Once in the stairwell, photoluminescent signs continue to play a critical role in facilitating safe and fast exits. In accordance with the National Fire Protection Agency codes (NFPA 170), hotels are required to install stairwell identification and re-entry signs to help all building occupants evacuate safely and to provide fire department personnel with critical life-saving information.

Although not mandated, some buildings are replacing their "nonglow" signs with photoluminescent signs to ensure clear visibility and readability in a lights-out situation. Another option is to install customized photoluminescent labels above door handles indicating the floor you are on and the nearest re-entry points.

In addition, fire protection and emergency equipment, final exits, intermediate exits, and dead-ends (such as utility and electrical closets) can be identified with photoluminescent signage. Custom photoluminescent signs are available in many configurations.

Making the Bright Choices

Photoluminescent products are available in both self-adhesive and aluminum-backed materials to accommodate various surfaces. Self-sticking adhesive tapes are lightweight, conformable and easy to install. They require a clean, smooth, dry, nonporous surface for proper adhesion. Aluminum-backed rigid products are used with a special adhesive that is applied on-site and performs better on rough or porous surfaces. Most hotels require both types of materials for different surface textures and traffic patterns in the building.

Photoluminescent Strips

Split image shows what photoluminescent markings look like under normal lighting (right side) and when the lights go out (left side).

When you choose a photoluminescent exit marking system, consider current building codes and other safety standards. For example, photoluminescent exit signs should meet the Underwriters Laboratories (UL) 924 standard for emergency lighting and power equipment. Signs that meet the UL 924 standard can be used as code-compliant alternatives to electric exit signs. Exit signs should also be approved under the U.S. Environmental Protection Agency's Energy Star program, as well as additional safety codes.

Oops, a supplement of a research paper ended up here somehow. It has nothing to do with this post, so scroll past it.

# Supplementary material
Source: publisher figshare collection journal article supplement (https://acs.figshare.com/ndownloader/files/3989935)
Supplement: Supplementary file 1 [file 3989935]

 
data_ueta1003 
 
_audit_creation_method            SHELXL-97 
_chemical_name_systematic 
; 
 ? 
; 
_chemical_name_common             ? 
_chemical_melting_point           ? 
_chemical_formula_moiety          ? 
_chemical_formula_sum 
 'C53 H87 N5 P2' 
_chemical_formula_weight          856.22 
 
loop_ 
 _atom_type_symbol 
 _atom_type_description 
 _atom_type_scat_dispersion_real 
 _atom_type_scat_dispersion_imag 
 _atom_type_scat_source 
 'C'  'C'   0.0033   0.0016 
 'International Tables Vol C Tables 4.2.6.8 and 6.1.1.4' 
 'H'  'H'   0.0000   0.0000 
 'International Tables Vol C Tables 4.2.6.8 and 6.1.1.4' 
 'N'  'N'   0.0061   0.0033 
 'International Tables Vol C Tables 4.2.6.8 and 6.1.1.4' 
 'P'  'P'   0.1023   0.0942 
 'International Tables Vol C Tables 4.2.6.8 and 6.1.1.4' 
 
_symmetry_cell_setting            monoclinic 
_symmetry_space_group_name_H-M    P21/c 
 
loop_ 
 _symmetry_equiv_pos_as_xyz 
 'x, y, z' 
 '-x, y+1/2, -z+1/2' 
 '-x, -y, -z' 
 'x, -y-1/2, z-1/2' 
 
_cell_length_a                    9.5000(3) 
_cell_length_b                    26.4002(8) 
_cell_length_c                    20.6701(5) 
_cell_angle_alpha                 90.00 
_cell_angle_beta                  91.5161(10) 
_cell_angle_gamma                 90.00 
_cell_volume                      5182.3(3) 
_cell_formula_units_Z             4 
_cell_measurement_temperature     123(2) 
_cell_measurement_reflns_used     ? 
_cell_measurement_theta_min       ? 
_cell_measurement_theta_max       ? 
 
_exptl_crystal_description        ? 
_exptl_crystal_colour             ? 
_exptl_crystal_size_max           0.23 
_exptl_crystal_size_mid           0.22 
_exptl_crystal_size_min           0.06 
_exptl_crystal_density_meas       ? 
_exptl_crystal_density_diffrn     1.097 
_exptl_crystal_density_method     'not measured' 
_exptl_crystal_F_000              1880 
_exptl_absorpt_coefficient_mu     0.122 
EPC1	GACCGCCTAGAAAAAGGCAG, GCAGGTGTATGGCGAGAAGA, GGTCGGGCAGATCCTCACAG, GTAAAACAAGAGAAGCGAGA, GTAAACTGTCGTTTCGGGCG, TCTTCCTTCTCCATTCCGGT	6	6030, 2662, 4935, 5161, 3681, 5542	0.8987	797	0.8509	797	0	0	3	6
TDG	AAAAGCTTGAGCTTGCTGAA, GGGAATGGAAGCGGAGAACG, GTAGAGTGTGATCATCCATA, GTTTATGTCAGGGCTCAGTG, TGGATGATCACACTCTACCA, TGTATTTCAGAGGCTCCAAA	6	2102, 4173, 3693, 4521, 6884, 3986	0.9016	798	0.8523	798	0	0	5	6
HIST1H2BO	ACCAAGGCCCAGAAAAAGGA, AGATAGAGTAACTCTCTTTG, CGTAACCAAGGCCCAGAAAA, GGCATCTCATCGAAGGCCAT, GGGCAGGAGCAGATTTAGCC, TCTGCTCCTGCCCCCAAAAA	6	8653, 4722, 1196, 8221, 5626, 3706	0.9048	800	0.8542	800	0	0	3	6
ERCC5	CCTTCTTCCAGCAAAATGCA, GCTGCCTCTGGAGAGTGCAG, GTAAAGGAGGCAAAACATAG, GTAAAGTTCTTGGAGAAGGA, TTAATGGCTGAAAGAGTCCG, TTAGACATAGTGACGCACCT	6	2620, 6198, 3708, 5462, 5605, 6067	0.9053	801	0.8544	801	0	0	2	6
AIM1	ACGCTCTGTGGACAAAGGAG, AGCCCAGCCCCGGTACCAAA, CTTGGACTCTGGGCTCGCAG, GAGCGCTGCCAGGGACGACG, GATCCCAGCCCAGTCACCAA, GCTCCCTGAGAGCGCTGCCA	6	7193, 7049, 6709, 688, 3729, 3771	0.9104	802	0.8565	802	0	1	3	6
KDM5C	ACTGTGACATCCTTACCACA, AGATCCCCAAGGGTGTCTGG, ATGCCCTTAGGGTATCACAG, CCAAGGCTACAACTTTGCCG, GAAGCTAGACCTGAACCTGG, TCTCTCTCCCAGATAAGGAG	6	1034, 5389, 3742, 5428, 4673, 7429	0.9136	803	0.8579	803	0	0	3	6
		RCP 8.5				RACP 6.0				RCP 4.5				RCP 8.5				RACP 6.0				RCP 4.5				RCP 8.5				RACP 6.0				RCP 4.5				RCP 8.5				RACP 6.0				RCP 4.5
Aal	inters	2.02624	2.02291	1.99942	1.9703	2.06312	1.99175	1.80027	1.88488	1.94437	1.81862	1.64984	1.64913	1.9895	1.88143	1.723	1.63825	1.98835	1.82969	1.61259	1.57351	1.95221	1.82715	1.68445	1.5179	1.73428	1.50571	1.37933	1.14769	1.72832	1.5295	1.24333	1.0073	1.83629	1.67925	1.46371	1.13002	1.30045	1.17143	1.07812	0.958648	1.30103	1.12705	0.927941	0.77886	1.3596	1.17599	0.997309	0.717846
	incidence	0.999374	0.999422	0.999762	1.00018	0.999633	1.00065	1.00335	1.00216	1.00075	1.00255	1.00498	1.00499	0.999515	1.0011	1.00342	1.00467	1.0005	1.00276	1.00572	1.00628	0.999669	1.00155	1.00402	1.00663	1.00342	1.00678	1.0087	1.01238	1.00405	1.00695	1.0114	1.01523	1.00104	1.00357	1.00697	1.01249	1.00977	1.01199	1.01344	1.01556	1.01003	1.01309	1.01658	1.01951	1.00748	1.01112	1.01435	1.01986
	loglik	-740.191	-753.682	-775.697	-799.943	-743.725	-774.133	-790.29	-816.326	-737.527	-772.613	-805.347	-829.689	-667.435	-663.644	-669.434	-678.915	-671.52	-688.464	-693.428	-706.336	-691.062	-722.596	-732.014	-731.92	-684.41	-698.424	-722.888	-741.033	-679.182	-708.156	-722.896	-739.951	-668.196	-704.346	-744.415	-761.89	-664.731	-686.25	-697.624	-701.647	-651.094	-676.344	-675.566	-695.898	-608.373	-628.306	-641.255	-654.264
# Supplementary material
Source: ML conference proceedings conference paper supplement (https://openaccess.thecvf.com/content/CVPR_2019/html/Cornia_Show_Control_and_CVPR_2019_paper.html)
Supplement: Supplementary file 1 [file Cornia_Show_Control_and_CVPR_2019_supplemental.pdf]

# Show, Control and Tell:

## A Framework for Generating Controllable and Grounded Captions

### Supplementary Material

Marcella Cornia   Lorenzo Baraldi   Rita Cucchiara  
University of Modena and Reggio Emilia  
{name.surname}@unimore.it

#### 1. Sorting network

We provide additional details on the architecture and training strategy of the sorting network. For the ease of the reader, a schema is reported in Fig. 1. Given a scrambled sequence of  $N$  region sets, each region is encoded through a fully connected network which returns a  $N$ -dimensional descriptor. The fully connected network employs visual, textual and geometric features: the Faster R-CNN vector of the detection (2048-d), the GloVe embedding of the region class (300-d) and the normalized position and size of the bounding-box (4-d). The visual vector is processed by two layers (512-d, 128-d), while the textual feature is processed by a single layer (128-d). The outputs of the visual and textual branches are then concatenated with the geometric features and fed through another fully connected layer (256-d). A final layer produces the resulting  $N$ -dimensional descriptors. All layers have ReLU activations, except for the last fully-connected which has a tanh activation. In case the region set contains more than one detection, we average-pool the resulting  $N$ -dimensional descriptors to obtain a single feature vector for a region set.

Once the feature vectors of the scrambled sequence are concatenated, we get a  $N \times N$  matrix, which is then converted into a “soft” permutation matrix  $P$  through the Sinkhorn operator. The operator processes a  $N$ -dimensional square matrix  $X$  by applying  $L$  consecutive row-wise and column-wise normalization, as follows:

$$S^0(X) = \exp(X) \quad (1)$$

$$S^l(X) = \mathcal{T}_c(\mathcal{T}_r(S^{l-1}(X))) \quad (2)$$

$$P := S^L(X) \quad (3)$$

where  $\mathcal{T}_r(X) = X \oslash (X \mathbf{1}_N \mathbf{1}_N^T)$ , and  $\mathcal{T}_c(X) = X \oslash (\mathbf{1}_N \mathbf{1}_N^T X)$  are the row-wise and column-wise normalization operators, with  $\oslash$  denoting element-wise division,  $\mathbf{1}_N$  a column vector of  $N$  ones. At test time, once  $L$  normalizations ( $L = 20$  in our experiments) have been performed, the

A properly installed photoluminescent evacuation system will provide a clear, unbroken exit route during any lights-out emergency, helping guests and staff quickly and safely exit your hotel. Choosing a durable, industrial-grade photoluminescent marking solution will help ensure that your evacuation system is cost-effective, easy to maintain and ready to use for years to come.

*Conducted by the National Institute of Standards and Technology Information for this article is courtesy of Brady Corporation.

The information contained in this article is intended for general information purposes only and is based on information available as of the initial date of publication. No representation is made that the information or references are complete or remain current. This article is not a substitute for review of current applicable government regulations, industry standards, or other standards specific to your business and/or activities and should not be construed as legal advice or opinion. Readers with specific questions should refer to the applicable standards or consult with an attorney.

Related Articles

Sign Marking Requirements



Get more great content like this sent to your inbox.